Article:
Pennsylvania's anti-hazing law got an update last week, making it a misdemeanor crime for middle and high school students in addition to those at colleges at universities.
To better understand the issue of hazing, LNP talked with national advocate and researcher Hank Nuwer. Nuwer is a journalism professor at Franklin College in Indiana and a founding board member of HazingPrevention.org.
What's the difference between hazing and bullying?
I think the definition is shifting. Hazing, even if silly and bizarre, was supposed to be all about welcoming newcomers. Bullying was to shame and to humiliate newcomers or others perceived to be outside the bully's peer group. Now there is sexual hazing, including rape and sodomy, which in no way can be condoned and does not in the least resemble a practice of welcoming newcomers.
What do schools need to do to prevent hazing in addition to adopting policies?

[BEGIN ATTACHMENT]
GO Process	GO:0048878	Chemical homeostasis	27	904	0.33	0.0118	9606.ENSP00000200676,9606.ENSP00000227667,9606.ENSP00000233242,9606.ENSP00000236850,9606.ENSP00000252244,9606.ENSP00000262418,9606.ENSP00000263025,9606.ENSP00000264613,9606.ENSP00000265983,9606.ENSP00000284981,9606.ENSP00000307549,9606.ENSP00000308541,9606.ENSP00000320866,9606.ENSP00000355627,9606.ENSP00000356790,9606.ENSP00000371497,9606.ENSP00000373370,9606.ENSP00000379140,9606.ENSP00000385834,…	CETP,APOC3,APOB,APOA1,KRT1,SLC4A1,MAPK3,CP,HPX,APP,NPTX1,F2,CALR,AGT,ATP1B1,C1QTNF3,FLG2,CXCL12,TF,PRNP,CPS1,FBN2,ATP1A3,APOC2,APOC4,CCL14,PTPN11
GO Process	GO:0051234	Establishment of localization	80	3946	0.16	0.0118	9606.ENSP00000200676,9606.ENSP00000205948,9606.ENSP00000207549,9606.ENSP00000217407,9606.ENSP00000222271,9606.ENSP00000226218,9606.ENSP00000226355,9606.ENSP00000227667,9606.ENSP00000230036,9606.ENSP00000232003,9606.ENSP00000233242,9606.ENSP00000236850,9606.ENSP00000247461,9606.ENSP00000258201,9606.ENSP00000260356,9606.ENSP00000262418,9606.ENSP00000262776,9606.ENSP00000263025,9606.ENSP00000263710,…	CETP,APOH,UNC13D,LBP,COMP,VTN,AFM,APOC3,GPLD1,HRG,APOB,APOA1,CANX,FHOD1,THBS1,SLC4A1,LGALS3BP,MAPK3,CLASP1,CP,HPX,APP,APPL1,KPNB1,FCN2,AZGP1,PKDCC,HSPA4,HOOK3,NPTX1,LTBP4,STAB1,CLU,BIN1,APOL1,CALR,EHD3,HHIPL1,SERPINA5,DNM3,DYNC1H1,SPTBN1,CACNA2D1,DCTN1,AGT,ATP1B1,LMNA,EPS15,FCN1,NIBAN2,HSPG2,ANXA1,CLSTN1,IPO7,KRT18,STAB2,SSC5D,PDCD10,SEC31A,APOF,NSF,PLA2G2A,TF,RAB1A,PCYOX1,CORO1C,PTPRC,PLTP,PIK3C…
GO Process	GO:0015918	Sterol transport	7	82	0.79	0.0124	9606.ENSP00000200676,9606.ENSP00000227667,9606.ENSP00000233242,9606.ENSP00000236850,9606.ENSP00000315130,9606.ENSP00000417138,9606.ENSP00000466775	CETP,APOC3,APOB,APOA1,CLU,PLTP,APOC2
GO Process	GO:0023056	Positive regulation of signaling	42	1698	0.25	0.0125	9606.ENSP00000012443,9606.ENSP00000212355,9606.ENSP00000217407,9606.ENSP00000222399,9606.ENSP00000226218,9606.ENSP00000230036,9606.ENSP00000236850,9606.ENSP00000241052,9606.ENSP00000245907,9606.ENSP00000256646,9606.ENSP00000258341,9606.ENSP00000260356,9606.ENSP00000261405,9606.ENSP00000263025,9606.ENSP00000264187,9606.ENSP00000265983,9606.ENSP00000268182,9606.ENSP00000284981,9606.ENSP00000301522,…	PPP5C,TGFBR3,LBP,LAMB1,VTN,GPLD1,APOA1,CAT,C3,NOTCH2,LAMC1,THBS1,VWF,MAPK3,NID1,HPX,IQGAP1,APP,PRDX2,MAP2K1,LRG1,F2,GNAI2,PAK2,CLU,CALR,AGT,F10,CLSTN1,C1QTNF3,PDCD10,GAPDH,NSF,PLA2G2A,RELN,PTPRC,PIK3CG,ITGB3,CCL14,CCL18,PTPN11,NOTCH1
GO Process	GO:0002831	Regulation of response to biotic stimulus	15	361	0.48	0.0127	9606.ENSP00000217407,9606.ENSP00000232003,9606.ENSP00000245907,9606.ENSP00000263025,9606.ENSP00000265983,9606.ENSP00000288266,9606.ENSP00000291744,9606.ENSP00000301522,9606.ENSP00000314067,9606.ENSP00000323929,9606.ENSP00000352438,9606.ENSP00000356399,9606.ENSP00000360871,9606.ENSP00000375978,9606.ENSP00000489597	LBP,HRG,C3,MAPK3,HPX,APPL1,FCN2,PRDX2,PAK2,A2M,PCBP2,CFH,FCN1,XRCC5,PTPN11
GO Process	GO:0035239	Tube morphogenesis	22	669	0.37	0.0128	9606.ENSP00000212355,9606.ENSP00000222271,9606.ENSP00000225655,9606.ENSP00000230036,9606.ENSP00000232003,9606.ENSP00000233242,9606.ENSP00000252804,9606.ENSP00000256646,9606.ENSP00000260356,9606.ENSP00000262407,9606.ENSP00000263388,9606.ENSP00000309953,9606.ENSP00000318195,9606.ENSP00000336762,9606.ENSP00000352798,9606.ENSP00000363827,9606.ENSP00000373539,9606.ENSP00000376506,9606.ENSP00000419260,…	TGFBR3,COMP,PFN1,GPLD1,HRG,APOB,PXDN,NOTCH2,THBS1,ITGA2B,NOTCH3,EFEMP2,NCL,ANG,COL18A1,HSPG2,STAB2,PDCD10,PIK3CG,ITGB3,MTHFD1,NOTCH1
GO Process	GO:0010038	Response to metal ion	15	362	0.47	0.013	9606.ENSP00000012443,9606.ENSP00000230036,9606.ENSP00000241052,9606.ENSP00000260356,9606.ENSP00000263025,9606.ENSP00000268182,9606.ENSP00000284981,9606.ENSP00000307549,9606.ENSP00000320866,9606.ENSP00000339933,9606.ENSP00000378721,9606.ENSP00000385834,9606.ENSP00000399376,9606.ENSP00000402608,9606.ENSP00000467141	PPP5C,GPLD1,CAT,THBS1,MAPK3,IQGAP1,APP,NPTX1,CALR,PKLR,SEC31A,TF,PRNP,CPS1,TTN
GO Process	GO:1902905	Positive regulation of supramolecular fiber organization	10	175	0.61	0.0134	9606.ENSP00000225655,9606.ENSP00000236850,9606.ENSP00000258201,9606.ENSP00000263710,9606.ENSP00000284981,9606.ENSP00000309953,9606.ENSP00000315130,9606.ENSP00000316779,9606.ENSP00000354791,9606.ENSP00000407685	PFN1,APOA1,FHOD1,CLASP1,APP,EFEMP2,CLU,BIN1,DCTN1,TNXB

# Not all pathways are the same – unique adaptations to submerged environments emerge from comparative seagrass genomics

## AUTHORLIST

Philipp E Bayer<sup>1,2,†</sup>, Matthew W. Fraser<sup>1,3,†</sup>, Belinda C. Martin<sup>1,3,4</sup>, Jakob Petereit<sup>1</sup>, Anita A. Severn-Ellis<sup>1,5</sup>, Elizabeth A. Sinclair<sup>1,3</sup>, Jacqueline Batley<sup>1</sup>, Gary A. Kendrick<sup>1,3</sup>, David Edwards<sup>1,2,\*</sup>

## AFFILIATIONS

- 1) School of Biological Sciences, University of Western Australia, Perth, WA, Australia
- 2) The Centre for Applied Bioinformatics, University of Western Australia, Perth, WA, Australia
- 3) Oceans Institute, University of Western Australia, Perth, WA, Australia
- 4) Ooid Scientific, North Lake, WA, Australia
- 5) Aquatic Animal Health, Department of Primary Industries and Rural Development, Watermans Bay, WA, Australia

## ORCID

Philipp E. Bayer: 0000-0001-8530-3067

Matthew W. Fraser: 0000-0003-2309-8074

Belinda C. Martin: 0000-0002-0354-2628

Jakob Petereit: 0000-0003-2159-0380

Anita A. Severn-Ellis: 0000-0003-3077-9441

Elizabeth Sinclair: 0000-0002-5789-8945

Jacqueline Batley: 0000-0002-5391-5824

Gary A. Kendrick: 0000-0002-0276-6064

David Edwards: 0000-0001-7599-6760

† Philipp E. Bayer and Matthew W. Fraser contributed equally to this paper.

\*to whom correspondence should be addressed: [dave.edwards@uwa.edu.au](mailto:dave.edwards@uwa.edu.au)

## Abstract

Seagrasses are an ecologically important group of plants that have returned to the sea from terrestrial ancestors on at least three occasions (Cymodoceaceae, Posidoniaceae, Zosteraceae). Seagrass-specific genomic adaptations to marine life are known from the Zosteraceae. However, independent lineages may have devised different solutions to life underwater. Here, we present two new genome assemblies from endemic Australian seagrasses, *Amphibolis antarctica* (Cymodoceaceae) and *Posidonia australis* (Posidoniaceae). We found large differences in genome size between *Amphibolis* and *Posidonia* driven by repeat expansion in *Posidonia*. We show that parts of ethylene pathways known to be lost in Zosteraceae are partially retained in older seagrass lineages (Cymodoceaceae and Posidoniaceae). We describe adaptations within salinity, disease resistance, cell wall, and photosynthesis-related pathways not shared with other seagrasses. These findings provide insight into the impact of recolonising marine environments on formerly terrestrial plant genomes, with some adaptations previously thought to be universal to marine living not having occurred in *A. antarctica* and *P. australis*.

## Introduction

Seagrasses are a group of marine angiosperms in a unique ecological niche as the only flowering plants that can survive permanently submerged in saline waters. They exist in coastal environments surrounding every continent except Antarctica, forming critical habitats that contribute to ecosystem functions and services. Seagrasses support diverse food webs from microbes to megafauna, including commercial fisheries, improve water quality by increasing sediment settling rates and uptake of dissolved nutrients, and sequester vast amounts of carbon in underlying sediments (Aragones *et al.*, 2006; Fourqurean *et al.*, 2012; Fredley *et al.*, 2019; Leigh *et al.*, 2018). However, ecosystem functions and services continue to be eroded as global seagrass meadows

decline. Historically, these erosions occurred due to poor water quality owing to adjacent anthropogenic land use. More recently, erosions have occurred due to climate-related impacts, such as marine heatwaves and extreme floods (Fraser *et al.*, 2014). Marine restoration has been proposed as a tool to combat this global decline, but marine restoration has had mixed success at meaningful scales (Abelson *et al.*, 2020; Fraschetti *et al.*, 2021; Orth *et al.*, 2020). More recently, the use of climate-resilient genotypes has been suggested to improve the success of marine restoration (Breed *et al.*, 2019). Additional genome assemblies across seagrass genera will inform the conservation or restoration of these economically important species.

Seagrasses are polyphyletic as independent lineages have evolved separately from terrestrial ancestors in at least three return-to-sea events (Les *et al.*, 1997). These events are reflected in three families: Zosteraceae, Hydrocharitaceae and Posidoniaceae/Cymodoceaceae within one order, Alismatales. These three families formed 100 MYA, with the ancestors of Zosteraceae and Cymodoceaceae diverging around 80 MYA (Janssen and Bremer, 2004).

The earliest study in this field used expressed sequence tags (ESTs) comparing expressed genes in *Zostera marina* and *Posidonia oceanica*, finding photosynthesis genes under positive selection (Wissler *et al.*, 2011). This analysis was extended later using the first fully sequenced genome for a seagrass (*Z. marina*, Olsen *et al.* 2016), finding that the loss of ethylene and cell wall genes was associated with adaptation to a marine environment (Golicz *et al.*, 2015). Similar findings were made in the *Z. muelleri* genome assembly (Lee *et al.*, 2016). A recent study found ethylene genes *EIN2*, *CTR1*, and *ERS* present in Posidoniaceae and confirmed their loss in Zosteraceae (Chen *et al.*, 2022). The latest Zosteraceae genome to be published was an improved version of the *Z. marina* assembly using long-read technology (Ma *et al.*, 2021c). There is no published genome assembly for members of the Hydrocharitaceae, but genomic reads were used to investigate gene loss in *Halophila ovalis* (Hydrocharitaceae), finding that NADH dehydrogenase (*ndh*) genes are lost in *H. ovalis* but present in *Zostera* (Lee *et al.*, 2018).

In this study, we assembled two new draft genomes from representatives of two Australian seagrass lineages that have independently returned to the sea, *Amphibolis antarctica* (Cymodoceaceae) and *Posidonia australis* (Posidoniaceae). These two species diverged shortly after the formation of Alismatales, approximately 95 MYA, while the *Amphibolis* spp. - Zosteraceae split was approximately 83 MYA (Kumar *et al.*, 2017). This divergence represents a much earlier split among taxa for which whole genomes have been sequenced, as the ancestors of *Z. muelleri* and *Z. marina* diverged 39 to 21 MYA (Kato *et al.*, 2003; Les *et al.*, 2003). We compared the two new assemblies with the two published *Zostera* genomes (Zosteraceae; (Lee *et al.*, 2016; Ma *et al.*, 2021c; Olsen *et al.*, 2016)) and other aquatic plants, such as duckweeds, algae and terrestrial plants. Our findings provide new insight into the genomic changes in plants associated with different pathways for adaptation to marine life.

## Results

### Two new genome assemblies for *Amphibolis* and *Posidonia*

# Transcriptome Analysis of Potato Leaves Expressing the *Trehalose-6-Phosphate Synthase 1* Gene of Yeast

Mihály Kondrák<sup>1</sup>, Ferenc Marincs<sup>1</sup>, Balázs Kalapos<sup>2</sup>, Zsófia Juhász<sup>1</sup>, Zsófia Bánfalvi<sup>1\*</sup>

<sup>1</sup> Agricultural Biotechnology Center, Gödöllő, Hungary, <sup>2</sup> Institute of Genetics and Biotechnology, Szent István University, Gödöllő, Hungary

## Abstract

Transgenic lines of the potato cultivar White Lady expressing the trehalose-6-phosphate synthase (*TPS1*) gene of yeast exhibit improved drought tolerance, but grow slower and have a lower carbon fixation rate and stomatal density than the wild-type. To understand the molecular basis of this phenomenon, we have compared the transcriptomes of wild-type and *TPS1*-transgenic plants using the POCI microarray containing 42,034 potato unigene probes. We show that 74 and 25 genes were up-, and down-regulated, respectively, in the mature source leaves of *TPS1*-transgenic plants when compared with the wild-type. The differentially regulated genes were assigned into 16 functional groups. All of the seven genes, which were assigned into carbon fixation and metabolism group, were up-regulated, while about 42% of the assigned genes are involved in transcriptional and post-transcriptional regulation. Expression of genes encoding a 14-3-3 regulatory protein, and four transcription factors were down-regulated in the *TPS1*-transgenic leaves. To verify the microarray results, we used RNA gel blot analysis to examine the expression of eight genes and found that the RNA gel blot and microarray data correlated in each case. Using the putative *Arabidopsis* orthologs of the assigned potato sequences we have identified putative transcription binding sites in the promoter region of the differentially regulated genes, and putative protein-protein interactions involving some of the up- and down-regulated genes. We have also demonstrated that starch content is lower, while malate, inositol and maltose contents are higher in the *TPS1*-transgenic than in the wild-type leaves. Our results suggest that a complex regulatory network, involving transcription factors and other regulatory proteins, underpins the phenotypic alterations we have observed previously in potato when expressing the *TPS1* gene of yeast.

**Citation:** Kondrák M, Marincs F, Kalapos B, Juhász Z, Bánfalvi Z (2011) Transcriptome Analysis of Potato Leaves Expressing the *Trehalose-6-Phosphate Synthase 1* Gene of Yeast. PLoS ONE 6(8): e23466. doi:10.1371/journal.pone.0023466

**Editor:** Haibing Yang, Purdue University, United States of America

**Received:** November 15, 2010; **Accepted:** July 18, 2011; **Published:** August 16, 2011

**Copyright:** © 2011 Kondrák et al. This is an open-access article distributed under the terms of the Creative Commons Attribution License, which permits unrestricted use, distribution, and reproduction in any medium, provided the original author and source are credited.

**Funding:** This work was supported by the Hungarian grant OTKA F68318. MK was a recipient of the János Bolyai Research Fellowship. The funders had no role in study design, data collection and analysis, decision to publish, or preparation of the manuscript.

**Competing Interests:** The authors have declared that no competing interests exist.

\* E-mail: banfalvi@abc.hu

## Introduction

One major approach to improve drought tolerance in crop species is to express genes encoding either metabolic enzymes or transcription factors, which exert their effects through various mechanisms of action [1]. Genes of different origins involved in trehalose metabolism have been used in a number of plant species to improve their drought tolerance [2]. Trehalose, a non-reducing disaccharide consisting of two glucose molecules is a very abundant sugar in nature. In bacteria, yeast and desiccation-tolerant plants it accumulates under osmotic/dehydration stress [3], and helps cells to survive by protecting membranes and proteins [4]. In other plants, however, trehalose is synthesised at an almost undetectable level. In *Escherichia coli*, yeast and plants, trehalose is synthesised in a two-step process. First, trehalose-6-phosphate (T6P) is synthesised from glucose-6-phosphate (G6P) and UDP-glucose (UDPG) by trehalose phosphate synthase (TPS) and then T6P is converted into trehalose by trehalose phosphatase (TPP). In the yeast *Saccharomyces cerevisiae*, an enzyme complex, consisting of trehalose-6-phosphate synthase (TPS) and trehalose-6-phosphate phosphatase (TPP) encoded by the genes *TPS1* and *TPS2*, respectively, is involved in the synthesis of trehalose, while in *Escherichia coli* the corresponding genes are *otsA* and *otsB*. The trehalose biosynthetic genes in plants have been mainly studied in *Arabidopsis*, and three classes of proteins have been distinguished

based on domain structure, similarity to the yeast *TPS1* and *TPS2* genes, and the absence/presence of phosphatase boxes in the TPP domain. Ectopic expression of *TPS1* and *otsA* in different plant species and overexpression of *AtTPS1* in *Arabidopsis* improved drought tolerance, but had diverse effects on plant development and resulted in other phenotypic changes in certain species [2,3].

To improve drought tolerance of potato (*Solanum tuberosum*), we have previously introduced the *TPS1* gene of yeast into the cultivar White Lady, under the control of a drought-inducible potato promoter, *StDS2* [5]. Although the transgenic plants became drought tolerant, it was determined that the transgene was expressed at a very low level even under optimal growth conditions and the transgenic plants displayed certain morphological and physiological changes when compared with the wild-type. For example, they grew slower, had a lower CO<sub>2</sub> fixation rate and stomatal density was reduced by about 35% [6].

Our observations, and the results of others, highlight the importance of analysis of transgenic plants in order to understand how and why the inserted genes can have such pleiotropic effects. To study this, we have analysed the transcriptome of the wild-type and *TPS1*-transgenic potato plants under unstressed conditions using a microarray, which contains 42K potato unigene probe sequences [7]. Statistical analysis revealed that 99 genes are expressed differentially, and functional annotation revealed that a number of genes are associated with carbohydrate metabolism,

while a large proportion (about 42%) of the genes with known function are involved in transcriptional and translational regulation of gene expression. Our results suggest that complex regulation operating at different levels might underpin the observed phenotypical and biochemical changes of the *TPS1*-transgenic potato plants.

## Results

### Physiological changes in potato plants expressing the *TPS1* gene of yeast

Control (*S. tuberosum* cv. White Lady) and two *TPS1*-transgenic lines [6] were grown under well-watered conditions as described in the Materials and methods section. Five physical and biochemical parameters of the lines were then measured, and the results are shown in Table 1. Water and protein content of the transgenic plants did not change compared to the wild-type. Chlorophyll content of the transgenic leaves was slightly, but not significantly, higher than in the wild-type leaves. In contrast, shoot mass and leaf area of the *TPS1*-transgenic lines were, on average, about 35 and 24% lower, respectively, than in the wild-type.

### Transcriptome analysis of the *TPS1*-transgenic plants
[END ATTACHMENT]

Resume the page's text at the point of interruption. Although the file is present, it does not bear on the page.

Educational programs, discussion in open forums with a knowledgeable speaker/group leader. Vigilance in locker rooms, team buses and away games, motels and sports camps. Many initiations take place in those locales.
What are the best ways for schools to stop a hazing tradition without it just going more out of sight?
Suspensions and expulsions to show the administrators are serious about eradicating hazing.
What should parents do if they learn their child has been hazed?
A letter to school principal, superintendent, coach, athletic director and school board. They should serve notice that the parent feels the school is not a welcoming place for their child. If necessary, retain a lawyer and get the letter out. Especially the parent needs to advise the child ways to report hazing. The child should not feel compelled to merely (comply) with these inane rituals.
What should parents do if they learn their child has been part of hazing someone else?
That is a tough one if it is sexual hazing or beat-ins. Then you have criminal behavior.
What can students do to prevent or stop hazing?
How can people respond to claims that hazing is an important form of group bonding?
Torture also bonded WWII prisoners with their captors. No amount of greater good can result from such bonding.